Almost everywhere, including the gym, the mantra "keep it simple" is widely embraced. All behaviors are assumed to fail unless they are particularly extreme or brutal.
This false belief is a significant contributor to the fact that so many people have trouble getting healthy, seeing any improvement in their lives, becoming discouraged, and missing out on all the simple ways to do so.
That's not to say you won't have to put in some work, but the time and energy investment required to see improvements in your health and mood is likely much smaller than you anticipate.
It's time to walk, whether just starting or fine-tuning your routine to achieve maximum benefit. Learn the benefits of walking and how to incorporate it into your weight loss routine.
Is Walking Better Than Running?
Understanding the distinction between "healthy habits" and "fat loss habits" is one of the most challenging aspects of health. A healthy diet does not necessarily result in weight loss. A straightforward case in point would be a typical nutritional blunder. You can gain weight even if you eat a lot of so-called "healthy" food.
On the flip side, if something aids in fat loss, it does not automatically make it healthy. Kansas State University professor Dr. Mark Haub demonstrated this by dropping 27 pounds on the Twinkie diet.
It is also the case with physical activity. Disagreements about the "best" form of physical activity are too common. Some exercises are better for weight loss than others. One such exercise is weight lifting. Some claim that weight training is superior to running for fat loss.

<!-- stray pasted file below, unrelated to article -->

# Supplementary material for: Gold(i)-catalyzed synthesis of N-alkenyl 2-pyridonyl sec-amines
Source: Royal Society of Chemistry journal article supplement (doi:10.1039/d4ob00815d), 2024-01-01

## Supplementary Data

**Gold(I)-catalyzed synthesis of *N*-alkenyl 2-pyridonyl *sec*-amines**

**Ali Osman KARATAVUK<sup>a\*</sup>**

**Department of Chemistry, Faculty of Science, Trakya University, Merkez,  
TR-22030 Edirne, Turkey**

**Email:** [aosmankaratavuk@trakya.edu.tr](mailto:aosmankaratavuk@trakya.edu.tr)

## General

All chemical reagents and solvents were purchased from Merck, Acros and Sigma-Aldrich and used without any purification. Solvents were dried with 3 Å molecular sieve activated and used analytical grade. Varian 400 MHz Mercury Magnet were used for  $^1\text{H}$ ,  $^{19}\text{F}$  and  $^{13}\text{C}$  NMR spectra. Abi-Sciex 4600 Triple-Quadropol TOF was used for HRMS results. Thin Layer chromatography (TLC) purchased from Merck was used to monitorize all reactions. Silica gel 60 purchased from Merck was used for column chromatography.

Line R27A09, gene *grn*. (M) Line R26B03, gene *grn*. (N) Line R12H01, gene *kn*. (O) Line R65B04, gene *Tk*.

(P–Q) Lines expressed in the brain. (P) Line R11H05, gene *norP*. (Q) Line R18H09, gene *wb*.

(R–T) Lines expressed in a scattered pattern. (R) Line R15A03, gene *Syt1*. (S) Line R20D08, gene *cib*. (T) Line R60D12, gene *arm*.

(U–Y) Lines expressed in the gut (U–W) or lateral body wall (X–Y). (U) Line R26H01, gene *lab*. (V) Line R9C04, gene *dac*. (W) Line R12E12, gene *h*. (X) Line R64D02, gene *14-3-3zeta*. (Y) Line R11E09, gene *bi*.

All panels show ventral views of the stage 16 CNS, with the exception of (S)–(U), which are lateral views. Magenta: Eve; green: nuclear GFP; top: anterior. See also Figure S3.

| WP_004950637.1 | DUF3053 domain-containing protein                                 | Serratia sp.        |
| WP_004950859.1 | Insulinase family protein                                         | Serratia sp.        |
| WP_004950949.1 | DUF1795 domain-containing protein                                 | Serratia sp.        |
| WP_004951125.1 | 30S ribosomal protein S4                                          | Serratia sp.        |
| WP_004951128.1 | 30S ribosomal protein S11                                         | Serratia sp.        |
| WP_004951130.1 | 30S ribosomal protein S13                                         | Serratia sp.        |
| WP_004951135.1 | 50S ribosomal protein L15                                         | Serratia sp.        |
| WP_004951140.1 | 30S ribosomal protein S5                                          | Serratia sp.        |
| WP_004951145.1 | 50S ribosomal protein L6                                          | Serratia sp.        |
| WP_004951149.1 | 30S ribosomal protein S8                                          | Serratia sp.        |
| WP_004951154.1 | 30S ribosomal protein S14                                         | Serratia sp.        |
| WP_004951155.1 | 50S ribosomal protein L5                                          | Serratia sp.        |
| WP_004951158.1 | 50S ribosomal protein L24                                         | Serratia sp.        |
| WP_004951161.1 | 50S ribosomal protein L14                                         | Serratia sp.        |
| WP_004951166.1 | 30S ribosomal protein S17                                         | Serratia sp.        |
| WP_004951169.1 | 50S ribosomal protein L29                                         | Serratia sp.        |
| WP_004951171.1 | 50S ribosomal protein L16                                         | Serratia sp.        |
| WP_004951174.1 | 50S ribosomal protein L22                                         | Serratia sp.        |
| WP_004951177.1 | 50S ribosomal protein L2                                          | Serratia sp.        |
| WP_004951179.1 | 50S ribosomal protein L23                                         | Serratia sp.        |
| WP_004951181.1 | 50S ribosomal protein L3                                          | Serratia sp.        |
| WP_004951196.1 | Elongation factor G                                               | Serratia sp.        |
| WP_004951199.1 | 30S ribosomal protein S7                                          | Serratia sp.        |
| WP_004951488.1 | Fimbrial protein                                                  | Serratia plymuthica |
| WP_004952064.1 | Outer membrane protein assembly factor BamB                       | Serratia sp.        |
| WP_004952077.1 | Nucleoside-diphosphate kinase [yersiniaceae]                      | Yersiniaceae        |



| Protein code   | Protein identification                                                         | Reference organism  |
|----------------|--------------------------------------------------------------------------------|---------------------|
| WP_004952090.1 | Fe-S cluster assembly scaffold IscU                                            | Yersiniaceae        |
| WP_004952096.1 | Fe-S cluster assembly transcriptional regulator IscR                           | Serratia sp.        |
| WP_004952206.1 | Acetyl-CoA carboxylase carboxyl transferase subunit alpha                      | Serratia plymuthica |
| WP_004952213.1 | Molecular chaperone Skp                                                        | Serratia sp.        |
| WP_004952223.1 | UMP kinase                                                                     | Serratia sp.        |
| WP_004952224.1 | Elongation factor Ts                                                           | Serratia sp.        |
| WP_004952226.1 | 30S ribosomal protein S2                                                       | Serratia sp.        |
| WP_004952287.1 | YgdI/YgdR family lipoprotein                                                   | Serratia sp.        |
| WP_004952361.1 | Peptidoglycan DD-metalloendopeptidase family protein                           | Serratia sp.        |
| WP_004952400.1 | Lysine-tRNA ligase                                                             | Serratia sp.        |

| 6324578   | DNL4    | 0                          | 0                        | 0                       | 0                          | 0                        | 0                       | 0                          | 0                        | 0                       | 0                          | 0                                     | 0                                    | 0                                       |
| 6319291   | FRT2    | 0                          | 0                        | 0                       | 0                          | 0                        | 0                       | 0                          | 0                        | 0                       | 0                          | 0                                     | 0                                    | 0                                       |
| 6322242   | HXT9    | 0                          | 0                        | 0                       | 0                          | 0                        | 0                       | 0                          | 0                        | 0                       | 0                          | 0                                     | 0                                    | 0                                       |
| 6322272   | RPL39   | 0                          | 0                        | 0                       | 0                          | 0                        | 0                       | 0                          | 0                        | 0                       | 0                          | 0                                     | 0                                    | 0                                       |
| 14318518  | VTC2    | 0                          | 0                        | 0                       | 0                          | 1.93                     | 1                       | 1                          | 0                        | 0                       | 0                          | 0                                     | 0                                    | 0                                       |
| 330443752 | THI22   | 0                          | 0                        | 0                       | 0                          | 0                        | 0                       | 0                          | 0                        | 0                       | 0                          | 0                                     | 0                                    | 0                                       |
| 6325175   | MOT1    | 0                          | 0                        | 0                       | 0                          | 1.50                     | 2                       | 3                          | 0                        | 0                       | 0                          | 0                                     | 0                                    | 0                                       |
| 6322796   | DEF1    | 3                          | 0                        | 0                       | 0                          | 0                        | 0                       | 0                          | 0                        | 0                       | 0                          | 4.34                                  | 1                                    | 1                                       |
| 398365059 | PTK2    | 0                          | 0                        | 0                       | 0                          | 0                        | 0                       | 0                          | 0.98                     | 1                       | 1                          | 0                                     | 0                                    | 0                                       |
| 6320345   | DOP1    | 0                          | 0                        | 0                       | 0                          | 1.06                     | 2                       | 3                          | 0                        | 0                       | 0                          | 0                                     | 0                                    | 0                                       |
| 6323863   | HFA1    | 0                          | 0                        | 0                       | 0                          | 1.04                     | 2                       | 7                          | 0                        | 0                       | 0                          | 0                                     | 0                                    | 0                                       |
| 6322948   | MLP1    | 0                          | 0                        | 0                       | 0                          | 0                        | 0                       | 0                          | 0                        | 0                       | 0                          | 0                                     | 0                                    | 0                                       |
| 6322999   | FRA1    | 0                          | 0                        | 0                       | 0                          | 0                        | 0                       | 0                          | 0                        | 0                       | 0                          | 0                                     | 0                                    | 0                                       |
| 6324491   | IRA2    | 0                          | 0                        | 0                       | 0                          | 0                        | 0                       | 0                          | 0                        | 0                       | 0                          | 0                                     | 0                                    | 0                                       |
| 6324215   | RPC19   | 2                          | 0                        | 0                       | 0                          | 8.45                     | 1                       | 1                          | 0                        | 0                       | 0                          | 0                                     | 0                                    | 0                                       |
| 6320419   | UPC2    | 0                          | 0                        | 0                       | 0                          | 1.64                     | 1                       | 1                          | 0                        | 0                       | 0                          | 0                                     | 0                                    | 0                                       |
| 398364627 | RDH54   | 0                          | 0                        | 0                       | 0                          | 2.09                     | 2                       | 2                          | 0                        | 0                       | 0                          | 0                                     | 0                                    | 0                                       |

Can Walking Help with Fat Loss?
Not very sensational, but if you put in the time and effort, walking can be just as effective as other methods.
Visualize each accomplishment as a step toward the big goal. A 5-minute walk breaks every hour can help you burn an extra 660 calories per week, according to a study published in 2011 in the International Journal of Behavioral Nutrition and Physical Activity.
If you did that every day for an entire year, you'd lose about 9 or 10 pounds. When extrapolated over the workday, that's a minimum of 40 minutes of walking on at least five days a week. Further, only some have the luxury of taking a walk every hour. It's a lot of work, but even if you put in a quarter of the time, you'd notice a difference.
Proven Health Benefits of Walking
Studies have shown that walking has numerous positive effects on health and should not be underestimated. The 61 participants included both healthy and overweight adults, as well as those with diabetes. Before the study, nobody in the group ever exercised. The researchers had the volunteers try out three different diet and lifestyle regimens for a week.